TV Paradigm Shift?

When major scientific theories (paradigms) are about to change, one encounters confusion. When an accepted scientific paradigm is about to change, scientists find they have to work harder to fit existing data to an older theory.

When a paradigm is accepted,most scientific progress occurs incrementally, by the accumulation new data that then is fitted into the paradigm. When anomalies start to appear often, it can be a sign that the paradigm is wrong.

Eventually, the inability of the older paradigm to explain and predict leads to a revolution in thought and the establishment of a new paradigm. The point is that coherence tends to  be a problem at times when paradigms are preparing to shift.

Such paradigm shifts might be likened to times when eras of technology are changing, as well, without overplaying the analogy. Of course, what changes when eras of technology change are revenue models built on consumer behaviors and buying preferences.

Perhaps one sign of the looming change are viewership studies that product discordant data.

Make no mistake, linear (scheduled) TV is still overwhelmingly the preferred method for watching TV, with 84 percent of U.S. adults who watch television watching live, in real time, according to BroadStream Solutions, despite the popularity of digital video recorders, mobile, PC and tablet viewing.

A separate study by Experian Marketing Services confirms that watching streaming or downloaded video on any device is connected `to higher rates of cord-cutting, the abandonment of linear TV altogether.

But it is not clear how devices such as Chromecast, Kindle Fire TV, Roku or Apple TV, and use of mobile or untethered appliances will change viewing habits.

The fastest growth of “non-traditional” viewing is watching streamed or downloaded video on a television, Experian Marketing Services says.

For instance, while adults who watch video on either a tablet or smartphone are 1.5 times more likely than average to be cord-cutters, those who watch streaming video on a television are 3.2 times more likely to be cable-cutters.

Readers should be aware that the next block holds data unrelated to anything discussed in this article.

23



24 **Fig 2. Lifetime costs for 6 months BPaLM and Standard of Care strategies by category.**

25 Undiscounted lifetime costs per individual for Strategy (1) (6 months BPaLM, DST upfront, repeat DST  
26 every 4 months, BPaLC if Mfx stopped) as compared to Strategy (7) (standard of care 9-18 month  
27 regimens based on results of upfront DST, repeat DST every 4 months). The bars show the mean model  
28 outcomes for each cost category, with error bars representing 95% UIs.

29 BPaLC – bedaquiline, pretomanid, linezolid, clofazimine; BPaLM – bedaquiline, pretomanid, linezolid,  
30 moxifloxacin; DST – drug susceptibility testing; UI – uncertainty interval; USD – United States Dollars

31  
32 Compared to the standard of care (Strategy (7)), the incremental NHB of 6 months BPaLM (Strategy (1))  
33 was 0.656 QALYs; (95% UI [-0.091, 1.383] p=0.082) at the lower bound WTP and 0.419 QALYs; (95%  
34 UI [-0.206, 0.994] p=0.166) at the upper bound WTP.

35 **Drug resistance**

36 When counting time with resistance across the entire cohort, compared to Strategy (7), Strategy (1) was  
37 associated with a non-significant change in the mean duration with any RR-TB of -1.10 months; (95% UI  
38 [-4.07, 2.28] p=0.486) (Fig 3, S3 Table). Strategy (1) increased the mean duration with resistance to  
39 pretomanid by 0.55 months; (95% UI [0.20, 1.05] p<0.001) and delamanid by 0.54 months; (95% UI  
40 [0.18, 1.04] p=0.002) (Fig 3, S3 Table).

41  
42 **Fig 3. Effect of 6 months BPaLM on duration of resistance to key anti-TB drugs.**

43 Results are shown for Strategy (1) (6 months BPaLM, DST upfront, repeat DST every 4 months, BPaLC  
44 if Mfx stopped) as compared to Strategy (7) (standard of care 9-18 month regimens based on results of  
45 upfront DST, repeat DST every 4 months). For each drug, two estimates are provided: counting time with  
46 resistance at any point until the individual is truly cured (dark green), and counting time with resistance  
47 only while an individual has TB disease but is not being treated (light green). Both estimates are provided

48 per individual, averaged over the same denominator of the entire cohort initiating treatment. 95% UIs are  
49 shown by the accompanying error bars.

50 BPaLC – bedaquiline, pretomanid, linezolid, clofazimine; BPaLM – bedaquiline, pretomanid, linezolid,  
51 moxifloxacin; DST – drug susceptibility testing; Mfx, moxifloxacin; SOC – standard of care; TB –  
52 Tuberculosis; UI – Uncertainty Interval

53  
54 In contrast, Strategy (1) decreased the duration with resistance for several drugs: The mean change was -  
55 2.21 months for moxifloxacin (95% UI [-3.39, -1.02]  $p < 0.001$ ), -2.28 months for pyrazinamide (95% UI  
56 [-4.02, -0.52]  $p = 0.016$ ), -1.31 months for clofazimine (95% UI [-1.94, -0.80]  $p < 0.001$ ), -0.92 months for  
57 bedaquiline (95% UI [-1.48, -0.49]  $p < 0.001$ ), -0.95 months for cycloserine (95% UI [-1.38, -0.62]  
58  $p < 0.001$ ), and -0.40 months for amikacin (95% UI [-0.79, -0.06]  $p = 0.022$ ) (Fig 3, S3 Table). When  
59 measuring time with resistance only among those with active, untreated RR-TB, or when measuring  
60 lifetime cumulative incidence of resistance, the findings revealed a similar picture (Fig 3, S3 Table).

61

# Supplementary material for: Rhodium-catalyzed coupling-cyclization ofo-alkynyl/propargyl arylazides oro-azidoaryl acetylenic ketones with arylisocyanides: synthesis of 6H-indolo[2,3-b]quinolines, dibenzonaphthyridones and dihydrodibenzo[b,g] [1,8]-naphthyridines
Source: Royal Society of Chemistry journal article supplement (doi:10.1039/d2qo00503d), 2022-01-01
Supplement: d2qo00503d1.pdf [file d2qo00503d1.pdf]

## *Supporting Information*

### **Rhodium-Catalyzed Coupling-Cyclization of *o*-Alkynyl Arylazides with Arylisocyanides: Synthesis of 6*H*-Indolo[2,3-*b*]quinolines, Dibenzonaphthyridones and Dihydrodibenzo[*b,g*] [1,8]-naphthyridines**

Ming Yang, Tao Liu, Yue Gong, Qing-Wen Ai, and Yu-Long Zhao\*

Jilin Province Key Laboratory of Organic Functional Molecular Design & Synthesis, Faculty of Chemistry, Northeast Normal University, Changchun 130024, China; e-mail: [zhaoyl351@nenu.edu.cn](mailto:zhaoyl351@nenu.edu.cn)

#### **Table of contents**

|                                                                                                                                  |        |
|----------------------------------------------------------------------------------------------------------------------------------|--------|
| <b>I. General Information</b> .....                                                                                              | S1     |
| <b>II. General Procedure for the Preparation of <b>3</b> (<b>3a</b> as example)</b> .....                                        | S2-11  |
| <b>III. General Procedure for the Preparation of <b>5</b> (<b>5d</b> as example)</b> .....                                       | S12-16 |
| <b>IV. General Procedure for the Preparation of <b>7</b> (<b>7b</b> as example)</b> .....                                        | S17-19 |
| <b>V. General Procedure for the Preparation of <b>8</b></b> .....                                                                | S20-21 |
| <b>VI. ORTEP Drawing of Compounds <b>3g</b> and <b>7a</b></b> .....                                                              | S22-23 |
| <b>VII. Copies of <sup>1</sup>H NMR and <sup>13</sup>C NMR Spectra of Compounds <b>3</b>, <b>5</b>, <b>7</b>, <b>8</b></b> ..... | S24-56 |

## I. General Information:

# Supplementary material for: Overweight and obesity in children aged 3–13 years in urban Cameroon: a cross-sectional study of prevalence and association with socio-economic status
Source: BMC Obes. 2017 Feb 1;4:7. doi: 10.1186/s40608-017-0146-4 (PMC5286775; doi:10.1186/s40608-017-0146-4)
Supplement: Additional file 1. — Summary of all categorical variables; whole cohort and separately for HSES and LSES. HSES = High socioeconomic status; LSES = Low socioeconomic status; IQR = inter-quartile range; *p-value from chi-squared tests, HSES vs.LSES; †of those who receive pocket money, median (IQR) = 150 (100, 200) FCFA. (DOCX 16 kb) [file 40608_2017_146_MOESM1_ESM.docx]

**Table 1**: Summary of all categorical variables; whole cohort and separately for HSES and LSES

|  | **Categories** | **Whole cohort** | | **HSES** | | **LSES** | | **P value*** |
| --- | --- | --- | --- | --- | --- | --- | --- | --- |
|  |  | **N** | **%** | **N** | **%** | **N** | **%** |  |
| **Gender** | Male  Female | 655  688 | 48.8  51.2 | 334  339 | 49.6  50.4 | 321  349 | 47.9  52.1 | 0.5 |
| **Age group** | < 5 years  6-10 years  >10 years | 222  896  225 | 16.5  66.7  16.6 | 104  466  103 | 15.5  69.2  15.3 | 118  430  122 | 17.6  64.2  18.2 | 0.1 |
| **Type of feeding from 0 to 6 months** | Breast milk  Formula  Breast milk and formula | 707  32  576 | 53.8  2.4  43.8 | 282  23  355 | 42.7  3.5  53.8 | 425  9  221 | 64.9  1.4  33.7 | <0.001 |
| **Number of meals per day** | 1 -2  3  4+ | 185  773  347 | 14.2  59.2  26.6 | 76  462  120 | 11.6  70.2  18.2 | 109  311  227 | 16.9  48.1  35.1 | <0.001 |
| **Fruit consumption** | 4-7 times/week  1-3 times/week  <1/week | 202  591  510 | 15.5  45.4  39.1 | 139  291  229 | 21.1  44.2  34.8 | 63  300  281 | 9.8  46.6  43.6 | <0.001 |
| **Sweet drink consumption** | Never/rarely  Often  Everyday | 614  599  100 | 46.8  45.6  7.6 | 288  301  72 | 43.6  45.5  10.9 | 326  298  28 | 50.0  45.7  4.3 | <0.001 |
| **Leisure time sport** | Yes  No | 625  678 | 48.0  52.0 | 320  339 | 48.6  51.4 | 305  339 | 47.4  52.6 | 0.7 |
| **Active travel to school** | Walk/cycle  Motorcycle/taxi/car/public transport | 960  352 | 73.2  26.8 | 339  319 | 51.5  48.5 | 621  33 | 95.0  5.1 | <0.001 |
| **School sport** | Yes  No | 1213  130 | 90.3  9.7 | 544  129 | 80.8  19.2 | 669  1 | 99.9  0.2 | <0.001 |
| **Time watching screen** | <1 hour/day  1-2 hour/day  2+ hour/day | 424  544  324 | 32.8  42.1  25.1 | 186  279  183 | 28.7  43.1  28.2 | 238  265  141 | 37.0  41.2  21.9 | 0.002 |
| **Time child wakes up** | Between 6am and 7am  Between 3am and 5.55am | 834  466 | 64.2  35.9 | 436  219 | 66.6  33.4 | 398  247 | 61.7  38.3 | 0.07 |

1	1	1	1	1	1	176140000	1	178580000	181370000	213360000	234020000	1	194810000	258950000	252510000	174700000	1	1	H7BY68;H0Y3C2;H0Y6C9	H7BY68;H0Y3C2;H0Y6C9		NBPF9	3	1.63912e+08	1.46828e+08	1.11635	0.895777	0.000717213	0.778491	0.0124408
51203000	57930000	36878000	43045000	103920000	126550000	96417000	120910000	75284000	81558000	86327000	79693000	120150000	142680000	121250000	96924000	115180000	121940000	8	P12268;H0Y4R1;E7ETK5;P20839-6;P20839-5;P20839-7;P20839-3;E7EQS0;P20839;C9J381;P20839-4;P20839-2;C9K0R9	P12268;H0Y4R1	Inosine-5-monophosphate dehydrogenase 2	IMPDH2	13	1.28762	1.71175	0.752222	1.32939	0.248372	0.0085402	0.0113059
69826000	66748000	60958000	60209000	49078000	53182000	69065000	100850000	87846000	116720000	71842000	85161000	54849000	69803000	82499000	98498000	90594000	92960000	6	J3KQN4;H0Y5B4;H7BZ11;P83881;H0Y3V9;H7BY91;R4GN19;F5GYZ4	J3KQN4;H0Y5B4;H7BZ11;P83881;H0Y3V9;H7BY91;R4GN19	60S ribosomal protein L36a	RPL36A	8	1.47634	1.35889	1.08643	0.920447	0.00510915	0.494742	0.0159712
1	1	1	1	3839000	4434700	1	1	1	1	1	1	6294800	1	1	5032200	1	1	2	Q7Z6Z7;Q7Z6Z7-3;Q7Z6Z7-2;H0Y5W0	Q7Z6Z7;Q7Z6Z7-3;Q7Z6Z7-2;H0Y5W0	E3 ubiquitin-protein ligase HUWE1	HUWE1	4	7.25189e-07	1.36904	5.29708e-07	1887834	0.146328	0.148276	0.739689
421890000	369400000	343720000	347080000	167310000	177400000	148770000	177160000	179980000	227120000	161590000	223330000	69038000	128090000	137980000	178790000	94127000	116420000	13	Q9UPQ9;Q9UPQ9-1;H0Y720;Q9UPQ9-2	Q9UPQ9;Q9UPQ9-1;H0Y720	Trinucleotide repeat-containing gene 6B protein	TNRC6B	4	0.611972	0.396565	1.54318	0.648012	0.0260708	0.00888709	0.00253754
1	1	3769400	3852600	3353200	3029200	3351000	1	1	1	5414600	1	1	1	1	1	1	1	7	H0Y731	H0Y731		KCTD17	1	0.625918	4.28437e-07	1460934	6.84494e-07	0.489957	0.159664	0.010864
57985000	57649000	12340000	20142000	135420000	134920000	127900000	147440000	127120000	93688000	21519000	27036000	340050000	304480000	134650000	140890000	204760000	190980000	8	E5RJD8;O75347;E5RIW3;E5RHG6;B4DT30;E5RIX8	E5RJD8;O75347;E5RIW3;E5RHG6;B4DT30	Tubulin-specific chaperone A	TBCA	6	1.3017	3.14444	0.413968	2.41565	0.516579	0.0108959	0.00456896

Furthermore, those who say that they use their television primarily for watching streaming or downloaded video are 5.7 times more likely to be cord-cutters.

Clearly, at least so far, watching video on portable personal device is not an alternative to linear TV, though watching streamed video on a TV display could be developing in that way.

The ability to stream or download video directly to the television “seems to be the tipping point,” Experian Marketing Services says.

“We should expect to see the number of cord-cutters grow” as that behavior becomes more common, Experian Marketing Services argues.

Mobile service providers clearly are thinking there is a mobile opportunity as well, even if the study by BroadStream Solutions also suggests that, at the moment, very few Americans want to watch on smaller screens.

That study suggests about two percent of respondents “prefer” to watch on tablet devices. A similar two percent prefer to watch on mobile devices. Some four percent prefer to watch on desktop PCs and about seven percent prefer to watch on notebook PC screens.

On the other hand, the study by Experian Marketing Services found that “mobile is the first screen for online video,” with 24 percent of adults reporting they watch video on a smartphone every week.

Nearly 25 percent of  all adults and 42 percent of smartphone owners watch video on their phones during a typical week, Experian Marketing Services reports.

So there’s a bit of data that doesn’t quite fit. People might not “prefer” to watch on a small screen. Yet there is much evidence that is what they do.

And one useful rule for tracking trends is to pay attention to what people do, not what they say. What already seems to be clear is that lots of people are watching video on small screens regularly.

They also are watching more streamed video on standard TV displays.

But behavior is changing. Most studies are likely consistent in reporting that people do not watch much video on small screens, compared to large screens, and not so much long-form content. But all that continues to change.

One explanation for those findings is that people need to own small screen devices in order to use them. And the Experian data suggests dramatically different behavior by people who own tablets and smartphones, compared to people who do not own such devices.

Also, one might argue that connected game consoles provide the same function, where it comes to watching online video on a TV, as a Chromecast, Kindle Fire TV, Roku or Apple TV box. And note the vast difference in behavior for viewers who own a game console.

Just 10 percent of adults report using a game console to watch streamed video every week. But 25 percent of console owners report they do so. The same differences can be observed for owners of smartphones and tablets.

Anomalies can sometimes signal that technological eras are about to make a transition. So watch for more signs of contradictory evidence on viewing habits as the base of users of streaming TV devices, smartphones and tablets increases.



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